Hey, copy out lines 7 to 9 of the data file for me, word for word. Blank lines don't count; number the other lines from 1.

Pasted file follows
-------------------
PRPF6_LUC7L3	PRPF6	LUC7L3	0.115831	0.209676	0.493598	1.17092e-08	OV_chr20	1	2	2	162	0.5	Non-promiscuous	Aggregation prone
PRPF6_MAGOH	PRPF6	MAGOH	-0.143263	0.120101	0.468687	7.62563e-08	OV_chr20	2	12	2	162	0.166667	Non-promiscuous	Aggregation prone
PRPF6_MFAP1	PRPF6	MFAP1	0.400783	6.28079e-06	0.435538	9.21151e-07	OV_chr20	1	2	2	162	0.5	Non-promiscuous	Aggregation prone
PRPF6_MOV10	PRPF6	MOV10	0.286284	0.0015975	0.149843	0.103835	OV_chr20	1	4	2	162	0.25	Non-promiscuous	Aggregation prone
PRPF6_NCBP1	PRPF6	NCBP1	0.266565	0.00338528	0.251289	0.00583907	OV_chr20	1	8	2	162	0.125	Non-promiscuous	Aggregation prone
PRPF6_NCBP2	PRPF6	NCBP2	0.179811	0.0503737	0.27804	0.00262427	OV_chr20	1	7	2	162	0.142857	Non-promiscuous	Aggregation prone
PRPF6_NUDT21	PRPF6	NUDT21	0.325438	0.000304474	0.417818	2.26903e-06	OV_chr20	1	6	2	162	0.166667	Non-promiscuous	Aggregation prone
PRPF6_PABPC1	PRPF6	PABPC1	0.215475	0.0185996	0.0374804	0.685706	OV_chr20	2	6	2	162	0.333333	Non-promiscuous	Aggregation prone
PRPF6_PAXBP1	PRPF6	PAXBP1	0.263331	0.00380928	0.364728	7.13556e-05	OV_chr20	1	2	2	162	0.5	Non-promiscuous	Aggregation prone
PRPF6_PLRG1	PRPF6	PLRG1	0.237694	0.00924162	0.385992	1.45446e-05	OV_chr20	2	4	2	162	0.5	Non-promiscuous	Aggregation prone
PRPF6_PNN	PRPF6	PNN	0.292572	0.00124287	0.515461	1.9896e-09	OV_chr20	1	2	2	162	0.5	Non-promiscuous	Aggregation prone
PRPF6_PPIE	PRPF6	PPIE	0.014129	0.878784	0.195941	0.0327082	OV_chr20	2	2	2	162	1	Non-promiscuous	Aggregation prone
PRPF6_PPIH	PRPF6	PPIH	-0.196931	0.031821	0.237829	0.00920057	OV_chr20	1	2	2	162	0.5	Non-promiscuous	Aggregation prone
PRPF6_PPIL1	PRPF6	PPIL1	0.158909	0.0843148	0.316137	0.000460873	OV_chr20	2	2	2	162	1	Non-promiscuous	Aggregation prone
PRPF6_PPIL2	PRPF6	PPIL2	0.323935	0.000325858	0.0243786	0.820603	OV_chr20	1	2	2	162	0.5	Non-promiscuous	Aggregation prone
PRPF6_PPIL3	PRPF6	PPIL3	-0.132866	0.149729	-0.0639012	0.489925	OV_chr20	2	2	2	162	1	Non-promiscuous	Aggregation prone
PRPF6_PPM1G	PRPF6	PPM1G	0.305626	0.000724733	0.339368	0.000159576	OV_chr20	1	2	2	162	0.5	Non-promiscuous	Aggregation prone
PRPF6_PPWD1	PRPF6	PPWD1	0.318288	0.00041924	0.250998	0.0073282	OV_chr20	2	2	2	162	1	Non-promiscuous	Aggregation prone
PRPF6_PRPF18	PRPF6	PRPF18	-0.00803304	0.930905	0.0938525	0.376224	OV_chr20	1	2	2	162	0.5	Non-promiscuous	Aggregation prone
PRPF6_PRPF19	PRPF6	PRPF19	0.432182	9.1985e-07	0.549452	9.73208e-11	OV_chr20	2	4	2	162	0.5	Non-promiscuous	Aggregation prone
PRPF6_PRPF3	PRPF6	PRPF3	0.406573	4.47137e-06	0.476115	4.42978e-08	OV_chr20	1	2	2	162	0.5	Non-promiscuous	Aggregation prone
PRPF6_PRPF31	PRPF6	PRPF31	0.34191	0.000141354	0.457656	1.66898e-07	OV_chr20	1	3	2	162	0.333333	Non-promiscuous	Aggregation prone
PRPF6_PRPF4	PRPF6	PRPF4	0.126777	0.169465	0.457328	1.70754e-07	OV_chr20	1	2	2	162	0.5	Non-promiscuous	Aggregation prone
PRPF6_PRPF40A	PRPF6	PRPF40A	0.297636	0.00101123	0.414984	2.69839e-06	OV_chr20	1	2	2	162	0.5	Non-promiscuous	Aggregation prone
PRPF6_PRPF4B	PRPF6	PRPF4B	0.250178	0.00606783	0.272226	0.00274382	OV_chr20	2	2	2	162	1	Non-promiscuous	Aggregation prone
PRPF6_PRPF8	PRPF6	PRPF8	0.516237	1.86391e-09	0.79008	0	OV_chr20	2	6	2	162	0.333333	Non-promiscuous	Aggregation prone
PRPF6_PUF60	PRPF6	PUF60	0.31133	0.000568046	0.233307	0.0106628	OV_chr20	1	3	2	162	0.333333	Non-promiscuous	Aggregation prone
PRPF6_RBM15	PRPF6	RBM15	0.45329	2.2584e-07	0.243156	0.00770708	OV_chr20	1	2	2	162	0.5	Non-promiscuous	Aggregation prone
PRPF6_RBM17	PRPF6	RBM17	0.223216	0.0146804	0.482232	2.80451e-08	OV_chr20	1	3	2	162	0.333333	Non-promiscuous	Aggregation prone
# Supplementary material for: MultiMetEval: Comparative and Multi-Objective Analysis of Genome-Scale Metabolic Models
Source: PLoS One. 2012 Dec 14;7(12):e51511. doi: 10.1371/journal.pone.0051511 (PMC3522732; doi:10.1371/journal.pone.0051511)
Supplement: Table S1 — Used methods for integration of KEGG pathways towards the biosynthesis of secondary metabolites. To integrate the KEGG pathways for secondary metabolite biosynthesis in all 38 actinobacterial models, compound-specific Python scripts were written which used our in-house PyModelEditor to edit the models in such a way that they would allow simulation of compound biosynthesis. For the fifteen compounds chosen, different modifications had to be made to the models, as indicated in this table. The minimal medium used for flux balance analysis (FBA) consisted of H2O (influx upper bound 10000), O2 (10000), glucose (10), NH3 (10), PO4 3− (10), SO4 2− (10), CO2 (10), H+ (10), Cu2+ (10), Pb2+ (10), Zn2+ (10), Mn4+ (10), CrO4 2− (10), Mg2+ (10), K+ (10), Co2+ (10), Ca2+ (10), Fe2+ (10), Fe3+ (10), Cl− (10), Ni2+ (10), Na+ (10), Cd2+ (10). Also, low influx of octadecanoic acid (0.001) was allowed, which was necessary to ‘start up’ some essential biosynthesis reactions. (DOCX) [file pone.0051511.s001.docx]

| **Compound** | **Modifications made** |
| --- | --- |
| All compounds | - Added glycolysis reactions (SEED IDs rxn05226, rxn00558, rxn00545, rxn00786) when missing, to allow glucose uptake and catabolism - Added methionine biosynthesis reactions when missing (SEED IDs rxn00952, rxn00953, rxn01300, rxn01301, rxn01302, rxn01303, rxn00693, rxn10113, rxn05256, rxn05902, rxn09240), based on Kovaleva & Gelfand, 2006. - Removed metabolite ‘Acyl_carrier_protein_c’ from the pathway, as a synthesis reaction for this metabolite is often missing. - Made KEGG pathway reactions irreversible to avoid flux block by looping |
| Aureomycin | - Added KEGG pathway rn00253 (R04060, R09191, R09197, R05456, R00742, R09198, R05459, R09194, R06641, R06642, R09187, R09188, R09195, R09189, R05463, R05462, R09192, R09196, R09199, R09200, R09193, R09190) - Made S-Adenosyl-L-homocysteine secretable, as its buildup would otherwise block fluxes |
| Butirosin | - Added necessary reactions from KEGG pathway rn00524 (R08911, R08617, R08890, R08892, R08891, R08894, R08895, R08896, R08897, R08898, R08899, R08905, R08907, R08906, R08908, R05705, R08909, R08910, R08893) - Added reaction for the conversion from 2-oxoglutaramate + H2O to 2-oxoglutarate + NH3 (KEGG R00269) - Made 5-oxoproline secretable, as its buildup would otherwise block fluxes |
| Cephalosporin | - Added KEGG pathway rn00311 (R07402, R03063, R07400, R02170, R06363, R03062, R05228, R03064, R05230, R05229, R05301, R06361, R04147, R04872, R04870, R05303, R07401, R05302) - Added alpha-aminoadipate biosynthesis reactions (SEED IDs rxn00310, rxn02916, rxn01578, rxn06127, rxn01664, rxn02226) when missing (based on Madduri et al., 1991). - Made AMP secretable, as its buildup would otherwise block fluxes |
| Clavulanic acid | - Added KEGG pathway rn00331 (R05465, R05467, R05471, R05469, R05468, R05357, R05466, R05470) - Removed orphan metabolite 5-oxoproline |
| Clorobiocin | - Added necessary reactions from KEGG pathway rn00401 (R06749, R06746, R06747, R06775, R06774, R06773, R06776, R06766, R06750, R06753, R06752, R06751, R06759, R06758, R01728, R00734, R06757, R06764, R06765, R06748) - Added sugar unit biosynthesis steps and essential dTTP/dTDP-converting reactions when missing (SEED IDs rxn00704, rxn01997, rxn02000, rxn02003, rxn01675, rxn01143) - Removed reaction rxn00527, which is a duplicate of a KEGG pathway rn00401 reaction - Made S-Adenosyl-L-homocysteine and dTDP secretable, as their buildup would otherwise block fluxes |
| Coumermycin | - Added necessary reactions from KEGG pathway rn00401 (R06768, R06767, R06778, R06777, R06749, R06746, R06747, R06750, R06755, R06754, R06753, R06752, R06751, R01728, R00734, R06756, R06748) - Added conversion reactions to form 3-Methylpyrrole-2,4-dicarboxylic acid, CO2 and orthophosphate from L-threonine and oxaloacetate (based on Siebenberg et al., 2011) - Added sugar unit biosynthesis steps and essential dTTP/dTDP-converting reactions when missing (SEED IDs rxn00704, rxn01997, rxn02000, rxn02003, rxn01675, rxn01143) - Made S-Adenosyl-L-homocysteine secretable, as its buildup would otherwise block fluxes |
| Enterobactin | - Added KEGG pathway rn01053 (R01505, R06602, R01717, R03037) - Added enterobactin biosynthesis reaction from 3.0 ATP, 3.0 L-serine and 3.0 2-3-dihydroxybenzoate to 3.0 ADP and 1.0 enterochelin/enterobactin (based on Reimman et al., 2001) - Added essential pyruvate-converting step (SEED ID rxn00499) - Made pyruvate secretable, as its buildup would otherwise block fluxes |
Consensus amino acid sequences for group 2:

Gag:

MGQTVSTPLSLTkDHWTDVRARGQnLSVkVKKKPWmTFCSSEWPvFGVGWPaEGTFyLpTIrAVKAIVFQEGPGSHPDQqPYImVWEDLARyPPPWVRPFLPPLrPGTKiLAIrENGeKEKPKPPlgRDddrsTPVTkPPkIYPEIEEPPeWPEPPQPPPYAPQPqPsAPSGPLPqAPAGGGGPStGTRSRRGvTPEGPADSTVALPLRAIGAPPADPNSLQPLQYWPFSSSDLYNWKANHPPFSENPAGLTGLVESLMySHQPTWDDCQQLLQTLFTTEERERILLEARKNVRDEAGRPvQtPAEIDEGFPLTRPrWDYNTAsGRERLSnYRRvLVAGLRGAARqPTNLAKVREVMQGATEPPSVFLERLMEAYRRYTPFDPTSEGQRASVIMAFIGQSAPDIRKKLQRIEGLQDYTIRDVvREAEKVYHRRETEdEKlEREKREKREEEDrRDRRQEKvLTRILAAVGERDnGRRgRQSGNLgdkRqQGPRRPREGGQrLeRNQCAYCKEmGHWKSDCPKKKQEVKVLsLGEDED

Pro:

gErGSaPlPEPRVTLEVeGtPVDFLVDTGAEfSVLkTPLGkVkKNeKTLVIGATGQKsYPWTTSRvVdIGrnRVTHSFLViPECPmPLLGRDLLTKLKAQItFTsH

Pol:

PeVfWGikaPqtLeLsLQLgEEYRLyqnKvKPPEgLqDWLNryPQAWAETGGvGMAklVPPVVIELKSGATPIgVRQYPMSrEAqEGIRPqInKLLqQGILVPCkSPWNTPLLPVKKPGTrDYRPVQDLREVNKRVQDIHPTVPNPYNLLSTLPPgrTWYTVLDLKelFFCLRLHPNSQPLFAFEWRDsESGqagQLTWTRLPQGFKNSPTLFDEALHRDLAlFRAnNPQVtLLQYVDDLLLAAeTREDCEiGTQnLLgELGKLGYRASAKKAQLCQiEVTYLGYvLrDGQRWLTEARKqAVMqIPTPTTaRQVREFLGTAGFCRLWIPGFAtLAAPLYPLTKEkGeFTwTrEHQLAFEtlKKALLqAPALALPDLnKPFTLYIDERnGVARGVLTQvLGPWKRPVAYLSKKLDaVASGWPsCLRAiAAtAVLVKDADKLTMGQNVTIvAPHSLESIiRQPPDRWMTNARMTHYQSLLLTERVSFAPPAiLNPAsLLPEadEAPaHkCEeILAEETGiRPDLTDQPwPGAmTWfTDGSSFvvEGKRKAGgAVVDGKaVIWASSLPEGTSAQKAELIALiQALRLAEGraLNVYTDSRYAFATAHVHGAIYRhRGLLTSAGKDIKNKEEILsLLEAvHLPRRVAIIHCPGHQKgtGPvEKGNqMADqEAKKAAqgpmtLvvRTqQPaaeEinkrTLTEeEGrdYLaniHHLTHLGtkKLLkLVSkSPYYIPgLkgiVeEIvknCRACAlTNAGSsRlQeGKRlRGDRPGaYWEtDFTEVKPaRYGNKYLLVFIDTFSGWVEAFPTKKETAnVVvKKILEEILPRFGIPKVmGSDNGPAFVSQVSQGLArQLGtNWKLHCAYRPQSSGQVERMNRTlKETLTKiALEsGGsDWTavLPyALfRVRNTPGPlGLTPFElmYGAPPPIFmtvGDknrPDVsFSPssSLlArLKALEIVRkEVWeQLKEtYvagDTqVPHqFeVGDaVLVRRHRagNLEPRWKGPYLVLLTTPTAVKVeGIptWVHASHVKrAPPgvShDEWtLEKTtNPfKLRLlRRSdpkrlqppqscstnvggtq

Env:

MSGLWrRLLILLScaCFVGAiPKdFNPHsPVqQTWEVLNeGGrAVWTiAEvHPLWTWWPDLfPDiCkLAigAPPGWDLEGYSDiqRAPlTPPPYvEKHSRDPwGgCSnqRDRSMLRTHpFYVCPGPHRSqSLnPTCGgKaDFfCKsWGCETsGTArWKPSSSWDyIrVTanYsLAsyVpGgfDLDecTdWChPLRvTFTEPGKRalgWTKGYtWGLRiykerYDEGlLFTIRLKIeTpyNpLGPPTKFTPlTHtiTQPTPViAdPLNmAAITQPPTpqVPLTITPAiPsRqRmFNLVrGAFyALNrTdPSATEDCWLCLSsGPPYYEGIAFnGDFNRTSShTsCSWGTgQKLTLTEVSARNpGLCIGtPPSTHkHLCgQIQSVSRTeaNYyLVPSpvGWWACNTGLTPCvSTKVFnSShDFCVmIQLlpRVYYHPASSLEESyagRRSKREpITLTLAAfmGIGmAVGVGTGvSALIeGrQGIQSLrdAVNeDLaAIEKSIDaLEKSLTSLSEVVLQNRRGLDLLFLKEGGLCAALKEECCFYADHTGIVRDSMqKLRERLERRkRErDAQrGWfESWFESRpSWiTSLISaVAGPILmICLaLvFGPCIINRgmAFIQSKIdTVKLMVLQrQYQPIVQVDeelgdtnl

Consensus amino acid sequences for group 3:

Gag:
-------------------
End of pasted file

PRPF6_NUDT21	PRPF6	NUDT21	0.325438	0.000304474	0.417818	2.26903e-06	OV_chr20	1	6	2	162	0.166667	Non-promiscuous	Aggregation prone
PRPF6_PABPC1	PRPF6	PABPC1	0.215475	0.0185996	0.0374804	0.685706	OV_chr20	2	6	2	162	0.333333	Non-promiscuous	Aggregation prone
PRPF6_PAXBP1	PRPF6	PAXBP1	0.263331	0.00380928	0.364728	7.13556e-05	OV_chr20	1	2	2	162	0.5	Non-promiscuous	Aggregation prone